DETROIT (Reuters) - Toyota Motor Corp executives are weighing repositioning Scion as a line of premium small cars as they debate the youth brand’s future in the United States.
A decade after its launch as a way to lure younger buyers into Toyota showrooms, Scion is still a work in progress as it looks to rebound from low sales during the recession. The brand is a relatively small seller for Toyota, with its five models selling 73,500 vehicles last year. That compares with Toyota’s four-car Prius line, which sold almost 237,000.
The Japanese automaker’s top executives concede that Scion is at a crossroads of sorts.
“There’s still debate on where we should go from here,” Jim Lentz, Toyota’s newly appointed chief executive of North America, told Reuters in a recent interview.
“One of the alternatives is we’ve always felt that there’s going to be a big segment created of premium small cars in the U.S.,” he added. Lentz cited the push by the German luxury brands into lower-cost entries such as the Mercedes-Benz CLA that will sell for less than $30,000.
As part of the effort to boost sales, Scion at the New York auto show last week showed off a redesigned tC coupe that will go on sale in late May. However, the brand’s future is already being discussed and options include adding a hybrid vehicle, a crossover or even a four-door sedan.
“Any of them could happen,” Lentz said.
Scion’s sales total last year was less than half of its 2006 peak, but far improved from 2010’s nadir of about 46,000 vehicles. Officials expect to sell about 80,000 this year and research firm LMC Automotive forecasts the brand to hit 108,000 in 2020, but company officials insist the brand has never been about the numbers.
Introduced as concept vehicles at the New York show in 2002, Scion began selling cars the following year with the idea of appealing to Generation Y buyers who perceived Toyota vehicles as too stodgy. The brand’s buyers are 37 years old, on average - the youngest in the industry - compared with age 50 for Toyota, and 75 percent of Scion buyers are new to the Toyota family, company officials said.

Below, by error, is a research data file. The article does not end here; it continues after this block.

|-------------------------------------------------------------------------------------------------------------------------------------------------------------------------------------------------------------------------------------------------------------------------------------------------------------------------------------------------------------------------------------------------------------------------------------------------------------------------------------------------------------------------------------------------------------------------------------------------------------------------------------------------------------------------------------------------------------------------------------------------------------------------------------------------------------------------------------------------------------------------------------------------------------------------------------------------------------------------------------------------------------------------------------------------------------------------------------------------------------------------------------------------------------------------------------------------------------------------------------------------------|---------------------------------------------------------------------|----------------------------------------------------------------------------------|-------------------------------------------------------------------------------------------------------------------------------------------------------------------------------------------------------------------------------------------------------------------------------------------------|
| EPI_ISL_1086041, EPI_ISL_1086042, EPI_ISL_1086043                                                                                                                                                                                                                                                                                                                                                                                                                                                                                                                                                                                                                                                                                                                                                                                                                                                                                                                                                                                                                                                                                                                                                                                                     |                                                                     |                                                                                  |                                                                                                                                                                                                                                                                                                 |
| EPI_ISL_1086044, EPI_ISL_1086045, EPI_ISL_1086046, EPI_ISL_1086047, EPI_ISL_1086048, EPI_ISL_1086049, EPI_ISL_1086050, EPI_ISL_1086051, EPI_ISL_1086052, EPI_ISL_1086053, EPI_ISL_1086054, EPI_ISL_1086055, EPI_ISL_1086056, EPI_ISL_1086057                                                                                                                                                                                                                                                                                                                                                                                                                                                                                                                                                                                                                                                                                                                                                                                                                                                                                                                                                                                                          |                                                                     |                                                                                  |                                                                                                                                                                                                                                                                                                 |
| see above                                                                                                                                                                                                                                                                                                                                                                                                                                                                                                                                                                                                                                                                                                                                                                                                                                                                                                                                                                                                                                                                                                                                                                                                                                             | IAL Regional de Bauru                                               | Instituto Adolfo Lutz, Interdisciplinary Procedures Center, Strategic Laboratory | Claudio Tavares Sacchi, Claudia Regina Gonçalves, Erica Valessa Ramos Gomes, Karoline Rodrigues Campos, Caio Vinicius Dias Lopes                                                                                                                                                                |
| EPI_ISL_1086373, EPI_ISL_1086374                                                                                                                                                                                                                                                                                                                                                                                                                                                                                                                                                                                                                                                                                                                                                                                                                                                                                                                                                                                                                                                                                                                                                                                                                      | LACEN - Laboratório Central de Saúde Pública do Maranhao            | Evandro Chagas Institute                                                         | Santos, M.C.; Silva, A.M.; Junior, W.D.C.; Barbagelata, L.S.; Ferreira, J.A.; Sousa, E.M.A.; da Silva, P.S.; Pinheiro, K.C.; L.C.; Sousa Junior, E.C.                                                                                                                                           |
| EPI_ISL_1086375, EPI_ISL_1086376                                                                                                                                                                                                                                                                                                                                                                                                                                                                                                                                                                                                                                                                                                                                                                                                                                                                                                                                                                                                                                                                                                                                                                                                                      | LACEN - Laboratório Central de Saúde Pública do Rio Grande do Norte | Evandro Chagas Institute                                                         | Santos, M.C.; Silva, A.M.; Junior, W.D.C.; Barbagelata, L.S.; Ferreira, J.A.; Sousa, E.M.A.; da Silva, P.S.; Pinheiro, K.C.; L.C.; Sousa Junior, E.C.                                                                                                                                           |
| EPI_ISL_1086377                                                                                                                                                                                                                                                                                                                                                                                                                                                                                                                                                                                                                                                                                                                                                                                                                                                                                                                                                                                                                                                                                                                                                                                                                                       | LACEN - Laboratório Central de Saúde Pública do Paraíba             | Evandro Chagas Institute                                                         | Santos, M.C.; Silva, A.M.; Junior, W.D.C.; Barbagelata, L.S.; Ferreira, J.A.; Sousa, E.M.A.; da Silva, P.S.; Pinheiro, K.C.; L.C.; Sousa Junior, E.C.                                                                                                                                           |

What Scion - whose name means “heir” and which refers to the brand’s cars and owners - stands for remains unclear to many analysts and consumers, however. Some industry analysts were confused last year when Scion introduced the FR-S sports coupe at a higher price than the brand’s other four models.
“Toyota still hasn’t found its feet with Scion,” said Art Spinella, president of research firm CNW Research. “They’re still hunting and pecking around, trying to figure out what the heck the darn thing is.”
Lincoln Merrihew, auto analyst with Compete, a unit of WPP Plc’s Kantar Media, said Scion is “at a fork in the road.”
Is the brand all about sporty coupes like the tC and FR-S that go in and out of fashion relatively quickly? Or is it quirky, yet functional boxy vehicles like the xB wagon, he said. Scion also sells the xD four-door hatchback and iQ urban minicar.
Most Scion vehicles range from about $16,000 to $20,000. The FR-S, which starts at $25,000, is a strange fit in the portfolio for many analysts, some of whom insist the car would be a better fit under the Toyota brand.
Rapidly expanding Scion does not seem to be in the cards. “If we could add a sixth, we can probably manage that. I don’t see us doing 10,” Scion Vice President Doug Murtha said at the New York show.
As the market changes, however, so might Scion, Lentz said. That discussion is not new.
“The Prius C, quite frankly, could have been a Scion product,” he said. “We kind of debated which channel makes more sense.” The car was placed with Toyota in the end because younger buyers favor better audio systems or wheels, and it made more sense financially to market all the Prius vehicles together.
Toyota’s mistake with Scion was targeting a young demographic instead of creating a brand that appealed across many demographics with a common psychological pull like BMW’s Mini cars, LMC senior analyst Joe Langley said.
“Toyota still needs to develop a more clear identity and direction for the brand,” he said.
Editing by Matthew Lewis